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Nigeria loses N14.9bn daily as oil price crosses $90 for first time in seven years

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Nigeria will be losing over N14.9 billion daily as international oil price crossed above $90 a barrel on Wednesday.

Data from Reuters revealed that Brent, the oil benchmark for Nigerian oil, closed at $90.20 per barrel on Wednesday triggered by potential sanctions on Russia over Ukraine invasion.

It is also expected in the coming days it would be a catalyst for higher crude prices closer to $100.

The rise in oil price is a big missed opportunity for Nigeria with the tenth best oil reserve in the world as it continues to struggle to meet monthly oil production cuts.

OPEC+ quota production quota for Nigeria, which covers only crude oil and not condensates, is put at 1.614 million barrels per day while Nigeria’s production capacity is closer to 2.2 million barrels per day according to Timipre Sylva, Nigeria’s Oil Minister.

Sadly however, in the most recent OPEC report for December 2021, Nigeria reported only 1.2 million barrels b/d production 400,000 daily short of OPEC+ quota allowance.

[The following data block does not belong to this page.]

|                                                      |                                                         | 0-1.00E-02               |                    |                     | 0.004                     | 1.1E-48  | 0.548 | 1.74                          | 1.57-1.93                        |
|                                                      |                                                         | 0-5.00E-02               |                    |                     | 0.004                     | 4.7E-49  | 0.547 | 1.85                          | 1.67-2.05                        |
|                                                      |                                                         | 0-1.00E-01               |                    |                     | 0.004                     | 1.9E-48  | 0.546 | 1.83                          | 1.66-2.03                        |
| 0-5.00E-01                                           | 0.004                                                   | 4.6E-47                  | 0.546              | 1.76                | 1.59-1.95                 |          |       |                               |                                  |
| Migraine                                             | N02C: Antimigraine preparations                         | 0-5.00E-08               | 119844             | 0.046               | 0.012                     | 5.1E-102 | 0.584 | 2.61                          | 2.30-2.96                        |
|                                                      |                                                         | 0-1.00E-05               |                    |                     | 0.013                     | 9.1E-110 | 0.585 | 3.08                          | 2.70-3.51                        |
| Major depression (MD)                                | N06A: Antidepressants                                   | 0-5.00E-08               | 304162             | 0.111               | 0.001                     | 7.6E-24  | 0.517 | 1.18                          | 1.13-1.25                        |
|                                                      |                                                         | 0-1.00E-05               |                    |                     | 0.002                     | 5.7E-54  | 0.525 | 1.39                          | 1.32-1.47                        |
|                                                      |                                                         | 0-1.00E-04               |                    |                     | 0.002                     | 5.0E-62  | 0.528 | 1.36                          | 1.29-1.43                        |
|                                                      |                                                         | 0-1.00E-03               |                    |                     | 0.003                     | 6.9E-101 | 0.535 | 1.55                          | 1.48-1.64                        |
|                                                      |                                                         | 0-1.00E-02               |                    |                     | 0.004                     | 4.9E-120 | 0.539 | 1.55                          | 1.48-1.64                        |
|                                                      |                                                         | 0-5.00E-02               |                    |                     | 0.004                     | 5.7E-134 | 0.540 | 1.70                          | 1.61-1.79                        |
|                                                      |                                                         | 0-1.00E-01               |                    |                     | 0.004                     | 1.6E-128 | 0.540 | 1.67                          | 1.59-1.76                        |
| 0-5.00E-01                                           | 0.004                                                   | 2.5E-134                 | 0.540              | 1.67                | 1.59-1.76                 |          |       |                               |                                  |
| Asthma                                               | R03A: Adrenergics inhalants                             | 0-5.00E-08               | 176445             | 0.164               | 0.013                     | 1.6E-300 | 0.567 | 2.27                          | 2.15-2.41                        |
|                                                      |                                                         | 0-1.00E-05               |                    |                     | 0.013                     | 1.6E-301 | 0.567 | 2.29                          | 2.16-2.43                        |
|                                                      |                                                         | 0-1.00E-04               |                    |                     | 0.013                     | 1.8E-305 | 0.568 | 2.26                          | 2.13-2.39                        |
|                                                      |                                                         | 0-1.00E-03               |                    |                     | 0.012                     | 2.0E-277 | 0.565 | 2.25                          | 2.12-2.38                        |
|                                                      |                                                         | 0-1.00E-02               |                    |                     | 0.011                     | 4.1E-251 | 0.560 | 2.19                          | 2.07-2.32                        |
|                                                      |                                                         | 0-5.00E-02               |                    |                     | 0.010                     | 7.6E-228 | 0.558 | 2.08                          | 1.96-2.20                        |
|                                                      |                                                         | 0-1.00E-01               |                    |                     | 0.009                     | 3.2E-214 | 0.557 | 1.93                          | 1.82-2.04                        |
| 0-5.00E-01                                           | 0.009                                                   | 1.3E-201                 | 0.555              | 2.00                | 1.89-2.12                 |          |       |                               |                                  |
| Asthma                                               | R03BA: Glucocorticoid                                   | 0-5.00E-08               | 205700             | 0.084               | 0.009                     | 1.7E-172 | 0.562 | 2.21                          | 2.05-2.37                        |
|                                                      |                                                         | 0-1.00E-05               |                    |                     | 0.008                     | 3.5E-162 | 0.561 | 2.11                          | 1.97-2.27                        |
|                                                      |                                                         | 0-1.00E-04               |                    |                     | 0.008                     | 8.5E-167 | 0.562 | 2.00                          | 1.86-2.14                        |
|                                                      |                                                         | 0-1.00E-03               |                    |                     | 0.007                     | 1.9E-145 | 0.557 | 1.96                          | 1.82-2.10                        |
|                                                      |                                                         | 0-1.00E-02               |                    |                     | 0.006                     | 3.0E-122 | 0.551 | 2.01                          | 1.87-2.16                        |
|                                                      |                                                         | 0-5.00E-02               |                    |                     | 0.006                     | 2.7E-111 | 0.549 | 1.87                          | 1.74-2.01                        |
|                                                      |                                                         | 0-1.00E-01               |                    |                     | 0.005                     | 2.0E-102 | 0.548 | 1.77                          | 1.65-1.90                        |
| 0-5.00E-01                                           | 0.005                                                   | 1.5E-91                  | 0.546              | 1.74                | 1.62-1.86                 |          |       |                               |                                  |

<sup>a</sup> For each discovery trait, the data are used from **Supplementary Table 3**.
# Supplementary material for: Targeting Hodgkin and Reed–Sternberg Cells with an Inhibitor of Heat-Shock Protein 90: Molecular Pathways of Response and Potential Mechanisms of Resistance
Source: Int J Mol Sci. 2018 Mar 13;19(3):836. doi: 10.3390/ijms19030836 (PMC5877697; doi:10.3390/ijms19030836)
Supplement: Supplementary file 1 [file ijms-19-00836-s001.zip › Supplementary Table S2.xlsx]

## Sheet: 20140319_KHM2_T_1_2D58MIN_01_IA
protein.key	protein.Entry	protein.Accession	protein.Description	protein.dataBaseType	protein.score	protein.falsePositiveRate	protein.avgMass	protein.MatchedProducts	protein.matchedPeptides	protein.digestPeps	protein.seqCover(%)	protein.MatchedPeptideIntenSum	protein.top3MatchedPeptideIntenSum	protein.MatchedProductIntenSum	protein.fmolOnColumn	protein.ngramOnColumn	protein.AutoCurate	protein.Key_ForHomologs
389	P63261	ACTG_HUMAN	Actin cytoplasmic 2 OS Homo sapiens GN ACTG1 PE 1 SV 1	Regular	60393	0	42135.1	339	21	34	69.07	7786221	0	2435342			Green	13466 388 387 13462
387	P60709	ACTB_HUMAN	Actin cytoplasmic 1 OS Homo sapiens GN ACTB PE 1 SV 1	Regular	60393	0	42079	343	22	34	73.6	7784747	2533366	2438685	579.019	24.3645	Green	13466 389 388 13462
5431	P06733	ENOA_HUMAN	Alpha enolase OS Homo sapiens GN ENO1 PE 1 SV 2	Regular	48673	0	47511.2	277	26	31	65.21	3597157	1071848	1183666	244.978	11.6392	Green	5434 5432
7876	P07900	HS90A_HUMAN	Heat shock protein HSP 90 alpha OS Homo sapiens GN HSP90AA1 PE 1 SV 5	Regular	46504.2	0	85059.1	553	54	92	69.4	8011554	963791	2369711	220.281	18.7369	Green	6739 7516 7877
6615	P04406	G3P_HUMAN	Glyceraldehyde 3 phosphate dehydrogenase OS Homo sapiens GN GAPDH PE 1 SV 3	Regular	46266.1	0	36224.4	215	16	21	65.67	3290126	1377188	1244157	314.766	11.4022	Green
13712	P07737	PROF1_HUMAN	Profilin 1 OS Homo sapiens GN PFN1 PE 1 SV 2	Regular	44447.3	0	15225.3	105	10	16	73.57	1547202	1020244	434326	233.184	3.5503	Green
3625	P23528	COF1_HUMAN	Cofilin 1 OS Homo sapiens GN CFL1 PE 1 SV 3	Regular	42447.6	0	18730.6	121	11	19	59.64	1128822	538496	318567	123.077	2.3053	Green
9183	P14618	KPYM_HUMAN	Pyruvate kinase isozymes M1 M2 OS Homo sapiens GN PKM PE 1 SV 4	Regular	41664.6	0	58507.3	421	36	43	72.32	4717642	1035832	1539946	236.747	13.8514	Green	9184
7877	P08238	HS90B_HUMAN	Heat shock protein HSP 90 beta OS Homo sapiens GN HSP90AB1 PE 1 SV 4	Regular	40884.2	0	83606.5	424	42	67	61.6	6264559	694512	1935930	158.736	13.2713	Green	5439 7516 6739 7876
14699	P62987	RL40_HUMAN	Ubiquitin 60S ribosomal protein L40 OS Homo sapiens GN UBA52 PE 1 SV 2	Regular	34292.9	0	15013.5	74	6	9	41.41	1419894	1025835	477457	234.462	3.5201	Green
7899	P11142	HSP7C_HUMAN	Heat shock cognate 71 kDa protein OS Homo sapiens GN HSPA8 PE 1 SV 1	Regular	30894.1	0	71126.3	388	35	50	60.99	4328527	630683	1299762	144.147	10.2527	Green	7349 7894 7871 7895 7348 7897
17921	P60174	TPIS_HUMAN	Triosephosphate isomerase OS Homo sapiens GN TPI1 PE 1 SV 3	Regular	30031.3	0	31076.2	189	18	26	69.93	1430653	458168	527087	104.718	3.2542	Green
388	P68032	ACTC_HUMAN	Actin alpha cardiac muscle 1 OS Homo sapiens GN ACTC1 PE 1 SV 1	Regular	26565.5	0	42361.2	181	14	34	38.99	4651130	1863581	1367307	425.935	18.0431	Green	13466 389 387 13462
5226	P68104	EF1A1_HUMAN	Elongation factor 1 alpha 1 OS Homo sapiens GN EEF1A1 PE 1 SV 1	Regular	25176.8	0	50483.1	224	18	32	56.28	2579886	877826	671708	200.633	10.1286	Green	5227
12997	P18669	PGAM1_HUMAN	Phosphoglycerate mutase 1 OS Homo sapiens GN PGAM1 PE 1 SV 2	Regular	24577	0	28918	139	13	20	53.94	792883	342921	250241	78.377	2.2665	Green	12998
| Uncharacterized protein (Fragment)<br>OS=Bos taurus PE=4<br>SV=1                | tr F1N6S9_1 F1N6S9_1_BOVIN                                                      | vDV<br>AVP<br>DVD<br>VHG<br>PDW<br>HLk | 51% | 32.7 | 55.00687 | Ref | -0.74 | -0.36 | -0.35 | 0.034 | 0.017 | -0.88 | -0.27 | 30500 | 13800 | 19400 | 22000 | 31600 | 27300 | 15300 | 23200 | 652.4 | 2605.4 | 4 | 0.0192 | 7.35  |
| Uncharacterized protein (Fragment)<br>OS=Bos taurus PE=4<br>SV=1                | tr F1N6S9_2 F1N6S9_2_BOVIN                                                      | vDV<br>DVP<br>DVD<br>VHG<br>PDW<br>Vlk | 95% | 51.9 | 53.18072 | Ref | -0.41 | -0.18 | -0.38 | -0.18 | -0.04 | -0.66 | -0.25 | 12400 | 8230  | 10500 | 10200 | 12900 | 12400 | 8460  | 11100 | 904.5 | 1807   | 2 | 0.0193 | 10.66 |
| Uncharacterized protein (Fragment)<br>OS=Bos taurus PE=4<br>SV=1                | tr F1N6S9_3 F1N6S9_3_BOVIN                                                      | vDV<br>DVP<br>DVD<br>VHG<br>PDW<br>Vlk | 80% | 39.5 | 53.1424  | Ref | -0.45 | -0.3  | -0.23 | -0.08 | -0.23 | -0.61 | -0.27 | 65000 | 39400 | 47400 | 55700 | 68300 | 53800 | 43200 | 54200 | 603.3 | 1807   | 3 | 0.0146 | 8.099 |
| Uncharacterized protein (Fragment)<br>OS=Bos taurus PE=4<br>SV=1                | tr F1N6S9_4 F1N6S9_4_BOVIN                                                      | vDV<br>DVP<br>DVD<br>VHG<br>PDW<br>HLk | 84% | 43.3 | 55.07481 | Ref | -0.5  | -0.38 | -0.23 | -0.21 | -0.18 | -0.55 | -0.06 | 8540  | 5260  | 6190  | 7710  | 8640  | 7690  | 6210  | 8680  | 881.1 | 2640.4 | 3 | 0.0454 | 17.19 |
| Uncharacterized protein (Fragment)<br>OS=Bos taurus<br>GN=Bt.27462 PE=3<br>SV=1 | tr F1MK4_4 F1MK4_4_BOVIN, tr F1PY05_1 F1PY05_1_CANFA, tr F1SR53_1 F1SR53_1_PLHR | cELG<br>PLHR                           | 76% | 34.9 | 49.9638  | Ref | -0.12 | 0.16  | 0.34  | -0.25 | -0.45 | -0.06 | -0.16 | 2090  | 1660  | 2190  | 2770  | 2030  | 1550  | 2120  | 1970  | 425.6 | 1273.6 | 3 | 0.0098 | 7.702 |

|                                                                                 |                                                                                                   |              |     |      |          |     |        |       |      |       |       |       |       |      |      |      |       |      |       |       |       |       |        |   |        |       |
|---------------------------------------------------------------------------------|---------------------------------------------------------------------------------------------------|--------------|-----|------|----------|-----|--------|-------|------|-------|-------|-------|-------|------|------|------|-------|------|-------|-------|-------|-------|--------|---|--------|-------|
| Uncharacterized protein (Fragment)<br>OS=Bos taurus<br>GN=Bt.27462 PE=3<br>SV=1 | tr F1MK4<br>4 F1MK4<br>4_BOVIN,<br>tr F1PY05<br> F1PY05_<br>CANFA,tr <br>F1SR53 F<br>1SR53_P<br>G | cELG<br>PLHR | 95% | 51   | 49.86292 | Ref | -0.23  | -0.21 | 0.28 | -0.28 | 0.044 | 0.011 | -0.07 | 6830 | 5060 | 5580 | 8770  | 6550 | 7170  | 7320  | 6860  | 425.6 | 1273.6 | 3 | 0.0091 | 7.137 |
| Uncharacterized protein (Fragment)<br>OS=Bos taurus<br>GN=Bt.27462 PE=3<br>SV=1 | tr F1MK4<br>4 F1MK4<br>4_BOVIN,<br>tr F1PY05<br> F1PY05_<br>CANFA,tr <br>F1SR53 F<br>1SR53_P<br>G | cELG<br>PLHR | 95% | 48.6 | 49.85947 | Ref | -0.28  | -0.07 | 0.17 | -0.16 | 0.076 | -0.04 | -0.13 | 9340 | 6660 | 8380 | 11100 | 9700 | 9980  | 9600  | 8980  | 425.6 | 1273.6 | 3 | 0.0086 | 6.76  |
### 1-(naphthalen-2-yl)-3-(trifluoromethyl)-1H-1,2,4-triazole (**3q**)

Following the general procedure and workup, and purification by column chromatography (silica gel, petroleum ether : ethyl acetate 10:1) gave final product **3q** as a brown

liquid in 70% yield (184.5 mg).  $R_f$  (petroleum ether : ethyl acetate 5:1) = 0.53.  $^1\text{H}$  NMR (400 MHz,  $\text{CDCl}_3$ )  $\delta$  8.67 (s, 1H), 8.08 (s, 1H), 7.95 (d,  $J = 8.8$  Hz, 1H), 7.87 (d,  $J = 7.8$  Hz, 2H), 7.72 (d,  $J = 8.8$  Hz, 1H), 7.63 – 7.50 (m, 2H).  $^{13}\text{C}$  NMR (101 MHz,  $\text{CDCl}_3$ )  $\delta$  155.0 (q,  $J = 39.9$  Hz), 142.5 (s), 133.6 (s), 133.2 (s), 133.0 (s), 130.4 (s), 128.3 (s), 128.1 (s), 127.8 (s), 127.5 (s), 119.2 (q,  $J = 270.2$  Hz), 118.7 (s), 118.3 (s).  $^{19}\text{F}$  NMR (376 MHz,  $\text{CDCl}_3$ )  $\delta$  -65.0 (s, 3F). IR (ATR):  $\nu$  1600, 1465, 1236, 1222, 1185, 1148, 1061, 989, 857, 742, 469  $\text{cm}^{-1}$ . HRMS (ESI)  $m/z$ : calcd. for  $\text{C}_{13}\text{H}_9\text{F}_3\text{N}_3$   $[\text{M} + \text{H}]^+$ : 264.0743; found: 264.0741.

Doing the mathematics, the 400,000 per day production shortfall could have earned Nigeria based on $90 dollar per day over $36 million daily or N14.9bn at the current exchange rate of N416/$.

Read also: Oil price increase to solve Buhari’s revenue problem, but two factors challenge cashflow

In fact, if the money lying on the table to be taken by NNPC is realized, Nigeria would have comfortably covered the N270bn expected to be paid as monthly subsidy.

During the Federal Executive Council (FEC) on Wednesday, NNPC presented a bill of N3 trillion as what was required for 2022 for subsidy payment for the month of July to December.

The FEC presided over by President Muhammadu Buhari at the presidential villa, Abuja, considered the request and would be writing to the National assembly soon.

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